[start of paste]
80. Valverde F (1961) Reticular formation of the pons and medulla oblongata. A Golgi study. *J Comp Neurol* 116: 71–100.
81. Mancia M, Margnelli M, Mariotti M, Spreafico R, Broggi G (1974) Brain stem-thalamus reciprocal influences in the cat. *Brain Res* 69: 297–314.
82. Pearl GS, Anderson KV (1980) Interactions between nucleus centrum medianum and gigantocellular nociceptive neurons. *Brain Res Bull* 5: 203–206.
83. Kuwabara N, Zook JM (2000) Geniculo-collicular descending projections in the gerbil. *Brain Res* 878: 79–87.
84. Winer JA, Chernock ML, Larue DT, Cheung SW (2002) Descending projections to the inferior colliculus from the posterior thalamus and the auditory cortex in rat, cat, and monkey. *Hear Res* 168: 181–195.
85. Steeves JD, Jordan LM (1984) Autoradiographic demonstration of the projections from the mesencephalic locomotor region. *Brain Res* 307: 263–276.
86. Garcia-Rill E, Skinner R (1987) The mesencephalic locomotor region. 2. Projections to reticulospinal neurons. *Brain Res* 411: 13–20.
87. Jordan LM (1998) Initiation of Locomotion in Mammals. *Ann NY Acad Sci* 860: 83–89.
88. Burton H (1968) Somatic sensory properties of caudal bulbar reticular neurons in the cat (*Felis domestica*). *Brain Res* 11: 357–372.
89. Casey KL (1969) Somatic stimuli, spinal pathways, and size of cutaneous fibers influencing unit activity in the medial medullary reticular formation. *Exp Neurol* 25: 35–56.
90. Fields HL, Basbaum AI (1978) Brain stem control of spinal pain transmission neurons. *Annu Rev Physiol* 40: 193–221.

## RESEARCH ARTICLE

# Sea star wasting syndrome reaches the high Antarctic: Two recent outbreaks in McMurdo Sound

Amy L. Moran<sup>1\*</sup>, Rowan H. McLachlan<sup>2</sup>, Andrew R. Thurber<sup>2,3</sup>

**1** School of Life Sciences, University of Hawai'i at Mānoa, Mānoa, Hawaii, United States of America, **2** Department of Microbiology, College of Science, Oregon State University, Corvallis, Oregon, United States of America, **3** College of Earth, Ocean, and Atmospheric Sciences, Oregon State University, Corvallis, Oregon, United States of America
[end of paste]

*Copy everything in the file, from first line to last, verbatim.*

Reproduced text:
80. Valverde F (1961) Reticular formation of the pons and medulla oblongata. A Golgi study. *J Comp Neurol* 116: 71–100.
81. Mancia M, Margnelli M, Mariotti M, Spreafico R, Broggi G (1974) Brain stem-thalamus reciprocal influences in the cat. *Brain Res* 69: 297–314.
82. Pearl GS, Anderson KV (1980) Interactions between nucleus centrum medianum and gigantocellular nociceptive neurons. *Brain Res Bull* 5: 203–206.
83. Kuwabara N, Zook JM (2000) Geniculo-collicular descending projections in the gerbil. *Brain Res* 878: 79–87.
84. Winer JA, Chernock ML, Larue DT, Cheung SW (2002) Descending projections to the inferior colliculus from the posterior thalamus and the auditory cortex in rat, cat, and monkey. *Hear Res* 168: 181–195.
85. Steeves JD, Jordan LM (1984) Autoradiographic demonstration of the projections from the mesencephalic locomotor region. *Brain Res* 307: 263–276.
86. Garcia-Rill E, Skinner R (1987) The mesencephalic locomotor region. 2. Projections to reticulospinal neurons. *Brain Res* 411: 13–20.
87. Jordan LM (1998) Initiation of Locomotion in Mammals. *Ann NY Acad Sci* 860: 83–89.
88. Burton H (1968) Somatic sensory properties of caudal bulbar reticular neurons in the cat (*Felis domestica*). *Brain Res* 11: 357–372.
89. Casey KL (1969) Somatic stimuli, spinal pathways, and size of cutaneous fibers influencing unit activity in the medial medullary reticular formation. *Exp Neurol* 25: 35–56.
90. Fields HL, Basbaum AI (1978) Brain stem control of spinal pain transmission neurons. *Annu Rev Physiol* 40: 193–221.

## RESEARCH ARTICLE

# Sea star wasting syndrome reaches the high Antarctic: Two recent outbreaks in McMurdo Sound

Amy L. Moran<sup>1\*</sup>, Rowan H. McLachlan<sup>2</sup>, Andrew R. Thurber<sup>2,3</sup>

**1** School of Life Sciences, University of Hawai'i at Mānoa, Mānoa, Hawaii, United States of America, **2** Department of Microbiology, College of Science, Oregon State University, Corvallis, Oregon, United States of America, **3** College of Earth, Ocean, and Atmospheric Sciences, Oregon State University, Corvallis, Oregon, United States of America